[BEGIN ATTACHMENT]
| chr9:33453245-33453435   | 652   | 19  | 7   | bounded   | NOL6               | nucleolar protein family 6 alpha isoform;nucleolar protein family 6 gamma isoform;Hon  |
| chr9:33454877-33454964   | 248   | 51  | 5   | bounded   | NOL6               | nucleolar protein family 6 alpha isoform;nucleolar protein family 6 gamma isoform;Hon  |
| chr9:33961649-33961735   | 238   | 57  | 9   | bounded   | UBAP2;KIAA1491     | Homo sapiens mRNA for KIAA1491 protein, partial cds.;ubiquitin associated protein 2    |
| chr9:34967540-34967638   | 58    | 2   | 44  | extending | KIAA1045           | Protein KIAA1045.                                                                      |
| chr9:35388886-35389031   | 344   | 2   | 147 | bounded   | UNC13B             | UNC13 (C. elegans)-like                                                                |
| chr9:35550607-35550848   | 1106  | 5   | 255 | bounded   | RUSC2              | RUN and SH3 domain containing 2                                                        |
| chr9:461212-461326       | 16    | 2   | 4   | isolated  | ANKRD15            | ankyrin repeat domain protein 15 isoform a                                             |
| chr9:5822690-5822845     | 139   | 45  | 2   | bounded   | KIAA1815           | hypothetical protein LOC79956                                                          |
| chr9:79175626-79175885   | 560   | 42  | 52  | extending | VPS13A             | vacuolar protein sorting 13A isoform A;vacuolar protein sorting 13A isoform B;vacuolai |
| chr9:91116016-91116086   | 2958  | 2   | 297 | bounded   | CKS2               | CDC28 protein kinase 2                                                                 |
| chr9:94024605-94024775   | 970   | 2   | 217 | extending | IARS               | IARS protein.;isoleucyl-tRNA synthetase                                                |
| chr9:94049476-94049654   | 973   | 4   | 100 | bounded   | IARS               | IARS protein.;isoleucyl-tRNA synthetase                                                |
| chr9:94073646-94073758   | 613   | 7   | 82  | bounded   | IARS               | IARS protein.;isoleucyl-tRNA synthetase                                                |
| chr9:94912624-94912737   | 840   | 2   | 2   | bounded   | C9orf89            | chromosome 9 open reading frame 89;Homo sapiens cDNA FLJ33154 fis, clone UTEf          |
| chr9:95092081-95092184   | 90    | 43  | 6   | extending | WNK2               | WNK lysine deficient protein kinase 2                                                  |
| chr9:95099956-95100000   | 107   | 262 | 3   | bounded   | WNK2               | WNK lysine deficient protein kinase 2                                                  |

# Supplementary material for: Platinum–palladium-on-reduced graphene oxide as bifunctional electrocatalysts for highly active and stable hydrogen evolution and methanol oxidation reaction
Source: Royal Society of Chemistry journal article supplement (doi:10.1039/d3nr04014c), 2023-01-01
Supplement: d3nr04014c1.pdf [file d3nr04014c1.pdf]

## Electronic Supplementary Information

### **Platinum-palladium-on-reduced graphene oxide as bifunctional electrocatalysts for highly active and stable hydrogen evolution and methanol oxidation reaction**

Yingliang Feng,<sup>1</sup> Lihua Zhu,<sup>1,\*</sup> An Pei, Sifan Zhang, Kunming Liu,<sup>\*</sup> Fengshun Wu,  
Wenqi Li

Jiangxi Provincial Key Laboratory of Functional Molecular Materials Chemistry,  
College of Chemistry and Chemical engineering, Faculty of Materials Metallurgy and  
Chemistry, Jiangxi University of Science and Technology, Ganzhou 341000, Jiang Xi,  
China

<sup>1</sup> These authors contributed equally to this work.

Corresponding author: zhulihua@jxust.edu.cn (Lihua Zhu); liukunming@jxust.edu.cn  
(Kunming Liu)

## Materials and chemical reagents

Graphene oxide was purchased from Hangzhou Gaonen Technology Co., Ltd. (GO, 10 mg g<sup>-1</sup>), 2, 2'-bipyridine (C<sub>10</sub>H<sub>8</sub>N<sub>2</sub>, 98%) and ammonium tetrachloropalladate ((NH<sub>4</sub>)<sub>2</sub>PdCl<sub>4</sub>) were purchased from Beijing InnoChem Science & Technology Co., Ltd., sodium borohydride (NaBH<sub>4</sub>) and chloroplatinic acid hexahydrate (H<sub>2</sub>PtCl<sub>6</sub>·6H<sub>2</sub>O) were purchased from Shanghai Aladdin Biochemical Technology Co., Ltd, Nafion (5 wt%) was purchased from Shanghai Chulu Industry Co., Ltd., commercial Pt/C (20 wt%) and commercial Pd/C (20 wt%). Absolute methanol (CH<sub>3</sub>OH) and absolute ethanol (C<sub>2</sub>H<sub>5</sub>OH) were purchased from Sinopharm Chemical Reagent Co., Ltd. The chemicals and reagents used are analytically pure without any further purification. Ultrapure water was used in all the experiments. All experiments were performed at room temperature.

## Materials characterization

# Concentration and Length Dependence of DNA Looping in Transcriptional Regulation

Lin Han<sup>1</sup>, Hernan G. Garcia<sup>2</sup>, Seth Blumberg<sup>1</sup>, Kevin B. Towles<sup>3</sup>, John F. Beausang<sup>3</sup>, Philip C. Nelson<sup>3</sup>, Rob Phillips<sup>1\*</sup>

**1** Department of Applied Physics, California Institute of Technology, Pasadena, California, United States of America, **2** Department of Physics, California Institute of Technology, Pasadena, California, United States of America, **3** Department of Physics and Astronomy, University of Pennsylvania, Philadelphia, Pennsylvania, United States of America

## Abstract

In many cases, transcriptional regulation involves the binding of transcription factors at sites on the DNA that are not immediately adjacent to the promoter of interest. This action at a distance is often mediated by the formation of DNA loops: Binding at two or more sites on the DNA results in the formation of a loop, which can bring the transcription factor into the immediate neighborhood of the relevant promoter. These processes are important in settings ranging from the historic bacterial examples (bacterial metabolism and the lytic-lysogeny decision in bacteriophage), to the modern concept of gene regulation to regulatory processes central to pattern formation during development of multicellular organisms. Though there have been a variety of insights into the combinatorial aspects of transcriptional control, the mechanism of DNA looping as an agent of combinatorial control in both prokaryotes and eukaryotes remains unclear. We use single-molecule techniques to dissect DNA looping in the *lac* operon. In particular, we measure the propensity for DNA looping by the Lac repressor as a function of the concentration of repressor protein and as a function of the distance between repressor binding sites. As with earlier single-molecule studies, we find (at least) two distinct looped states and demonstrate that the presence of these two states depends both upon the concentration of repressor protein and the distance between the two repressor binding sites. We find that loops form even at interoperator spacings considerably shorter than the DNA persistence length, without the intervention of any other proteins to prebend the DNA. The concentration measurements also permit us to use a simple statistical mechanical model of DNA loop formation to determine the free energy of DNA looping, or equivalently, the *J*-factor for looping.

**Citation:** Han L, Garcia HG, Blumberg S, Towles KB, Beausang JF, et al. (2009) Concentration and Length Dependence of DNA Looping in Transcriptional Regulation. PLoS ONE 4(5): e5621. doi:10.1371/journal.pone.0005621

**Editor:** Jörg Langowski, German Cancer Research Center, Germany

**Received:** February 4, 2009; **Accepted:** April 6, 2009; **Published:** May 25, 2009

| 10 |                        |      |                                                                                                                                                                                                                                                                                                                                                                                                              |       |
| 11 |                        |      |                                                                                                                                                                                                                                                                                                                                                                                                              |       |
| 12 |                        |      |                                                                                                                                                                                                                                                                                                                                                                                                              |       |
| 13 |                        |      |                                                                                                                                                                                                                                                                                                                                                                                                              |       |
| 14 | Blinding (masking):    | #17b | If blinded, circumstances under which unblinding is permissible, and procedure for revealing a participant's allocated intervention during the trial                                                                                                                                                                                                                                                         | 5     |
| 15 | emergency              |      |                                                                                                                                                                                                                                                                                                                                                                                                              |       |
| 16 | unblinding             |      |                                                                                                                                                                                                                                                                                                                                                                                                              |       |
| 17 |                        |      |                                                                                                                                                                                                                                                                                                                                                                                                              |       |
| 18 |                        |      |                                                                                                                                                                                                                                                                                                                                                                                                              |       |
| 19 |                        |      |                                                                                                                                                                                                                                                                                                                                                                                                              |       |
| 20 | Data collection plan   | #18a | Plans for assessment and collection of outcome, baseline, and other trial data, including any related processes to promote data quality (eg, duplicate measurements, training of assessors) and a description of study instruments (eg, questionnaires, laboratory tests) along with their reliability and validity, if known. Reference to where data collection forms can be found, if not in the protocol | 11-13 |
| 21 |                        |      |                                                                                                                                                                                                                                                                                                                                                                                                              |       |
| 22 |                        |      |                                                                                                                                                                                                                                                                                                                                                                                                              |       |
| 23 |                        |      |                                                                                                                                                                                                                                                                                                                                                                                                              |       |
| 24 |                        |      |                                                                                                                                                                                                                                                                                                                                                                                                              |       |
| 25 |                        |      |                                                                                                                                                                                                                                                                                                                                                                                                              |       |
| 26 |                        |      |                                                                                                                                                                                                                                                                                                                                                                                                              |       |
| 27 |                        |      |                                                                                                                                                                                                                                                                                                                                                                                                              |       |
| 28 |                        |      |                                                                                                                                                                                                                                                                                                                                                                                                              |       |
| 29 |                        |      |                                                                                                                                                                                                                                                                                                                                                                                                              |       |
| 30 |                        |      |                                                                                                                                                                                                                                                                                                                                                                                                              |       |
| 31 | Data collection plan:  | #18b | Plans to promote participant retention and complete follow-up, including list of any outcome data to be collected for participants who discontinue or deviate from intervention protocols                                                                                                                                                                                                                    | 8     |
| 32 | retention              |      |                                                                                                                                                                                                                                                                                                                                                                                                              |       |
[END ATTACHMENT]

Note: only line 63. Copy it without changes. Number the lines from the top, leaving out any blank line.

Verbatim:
| 31 | Data collection plan:  | #18b | Plans to promote participant retention and complete follow-up, including list of any outcome data to be collected for participants who discontinue or deviate from intervention protocols                                                                                                                                                                                                                    | 8     |